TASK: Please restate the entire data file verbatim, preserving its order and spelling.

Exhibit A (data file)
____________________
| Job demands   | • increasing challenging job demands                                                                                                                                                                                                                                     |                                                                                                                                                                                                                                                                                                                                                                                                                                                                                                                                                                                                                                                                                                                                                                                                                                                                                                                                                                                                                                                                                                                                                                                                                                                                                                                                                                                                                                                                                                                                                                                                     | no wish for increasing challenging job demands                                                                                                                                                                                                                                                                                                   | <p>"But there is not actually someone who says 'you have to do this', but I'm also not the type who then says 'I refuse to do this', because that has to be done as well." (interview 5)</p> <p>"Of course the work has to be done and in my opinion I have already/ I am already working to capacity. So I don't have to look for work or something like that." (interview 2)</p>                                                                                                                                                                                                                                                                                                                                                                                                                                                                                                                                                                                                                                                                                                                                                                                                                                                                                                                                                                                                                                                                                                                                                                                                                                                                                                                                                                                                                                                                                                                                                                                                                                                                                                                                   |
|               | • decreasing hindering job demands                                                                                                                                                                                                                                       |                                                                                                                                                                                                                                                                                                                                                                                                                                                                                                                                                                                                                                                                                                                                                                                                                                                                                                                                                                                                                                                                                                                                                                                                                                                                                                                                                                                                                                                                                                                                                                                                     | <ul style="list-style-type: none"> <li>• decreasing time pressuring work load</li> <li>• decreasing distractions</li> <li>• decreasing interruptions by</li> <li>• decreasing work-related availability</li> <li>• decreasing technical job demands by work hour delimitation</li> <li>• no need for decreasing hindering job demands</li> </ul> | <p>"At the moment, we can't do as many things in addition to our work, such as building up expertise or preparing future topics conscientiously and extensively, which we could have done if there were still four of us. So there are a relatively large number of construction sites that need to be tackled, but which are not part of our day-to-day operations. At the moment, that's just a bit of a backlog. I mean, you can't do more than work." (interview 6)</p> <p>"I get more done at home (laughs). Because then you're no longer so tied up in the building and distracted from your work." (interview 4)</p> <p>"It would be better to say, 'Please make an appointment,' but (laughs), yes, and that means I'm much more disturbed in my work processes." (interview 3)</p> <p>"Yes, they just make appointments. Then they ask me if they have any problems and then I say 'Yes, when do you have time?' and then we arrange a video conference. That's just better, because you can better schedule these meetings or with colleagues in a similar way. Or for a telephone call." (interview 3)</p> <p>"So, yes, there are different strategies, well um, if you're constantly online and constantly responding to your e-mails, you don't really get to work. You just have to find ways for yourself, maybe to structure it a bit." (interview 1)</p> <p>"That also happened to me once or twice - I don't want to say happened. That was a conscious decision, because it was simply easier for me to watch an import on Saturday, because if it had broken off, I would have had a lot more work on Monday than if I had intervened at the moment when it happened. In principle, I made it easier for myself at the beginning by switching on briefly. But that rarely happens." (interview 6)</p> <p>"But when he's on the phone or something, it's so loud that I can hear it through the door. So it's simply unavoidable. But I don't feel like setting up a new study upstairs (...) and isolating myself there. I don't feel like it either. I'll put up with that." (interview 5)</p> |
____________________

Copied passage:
| Job demands   | • increasing challenging job demands                                                                                                                                                                                                                                     |                                                                                                                                                                                                                                                                                                                                                                                                                                                                                                                                                                                                                                                                                                                                                                                                                                                                                                                                                                                                                                                                                                                                                                                                                                                                                                                                                                                                                                                                                                                                                                                                     | no wish for increasing challenging job demands                                                                                                                                                                                                                                                                                                   | <p>"But there is not actually someone who says 'you have to do this', but I'm also not the type who then says 'I refuse to do this', because that has to be done as well." (interview 5)</p> <p>"Of course the work has to be done and in my opinion I have already/ I am already working to capacity. So I don't have to look for work or something like that." (interview 2)</p>                                                                                                                                                                                                                                                                                                                                                                                                                                                                                                                                                                                                                                                                                                                                                                                                                                                                                                                                                                                                                                                                                                                                                                                                                                                                                                                                                                                                                                                                                                                                                                                                                                                                                                                                   |
|               | • decreasing hindering job demands                                                                                                                                                                                                                                       |                                                                                                                                                                                                                                                                                                                                                                                                                                                                                                                                                                                                                                                                                                                                                                                                                                                                                                                                                                                                                                                                                                                                                                                                                                                                                                                                                                                                                                                                                                                                                                                                     | <ul style="list-style-type: none"> <li>• decreasing time pressuring work load</li> <li>• decreasing distractions</li> <li>• decreasing interruptions by</li> <li>• decreasing work-related availability</li> <li>• decreasing technical job demands by work hour delimitation</li> <li>• no need for decreasing hindering job demands</li> </ul> | <p>"At the moment, we can't do as many things in addition to our work, such as building up expertise or preparing future topics conscientiously and extensively, which we could have done if there were still four of us. So there are a relatively large number of construction sites that need to be tackled, but which are not part of our day-to-day operations. At the moment, that's just a bit of a backlog. I mean, you can't do more than work." (interview 6)</p> <p>"I get more done at home (laughs). Because then you're no longer so tied up in the building and distracted from your work." (interview 4)</p> <p>"It would be better to say, 'Please make an appointment,' but (laughs), yes, and that means I'm much more disturbed in my work processes." (interview 3)</p> <p>"Yes, they just make appointments. Then they ask me if they have any problems and then I say 'Yes, when do you have time?' and then we arrange a video conference. That's just better, because you can better schedule these meetings or with colleagues in a similar way. Or for a telephone call." (interview 3)</p> <p>"So, yes, there are different strategies, well um, if you're constantly online and constantly responding to your e-mails, you don't really get to work. You just have to find ways for yourself, maybe to structure it a bit." (interview 1)</p> <p>"That also happened to me once or twice - I don't want to say happened. That was a conscious decision, because it was simply easier for me to watch an import on Saturday, because if it had broken off, I would have had a lot more work on Monday than if I had intervened at the moment when it happened. In principle, I made it easier for myself at the beginning by switching on briefly. But that rarely happens." (interview 6)</p> <p>"But when he's on the phone or something, it's so loud that I can hear it through the door. So it's simply unavoidable. But I don't feel like setting up a new study upstairs (...) and isolating myself there. I don't feel like it either. I'll put up with that." (interview 5)</p> |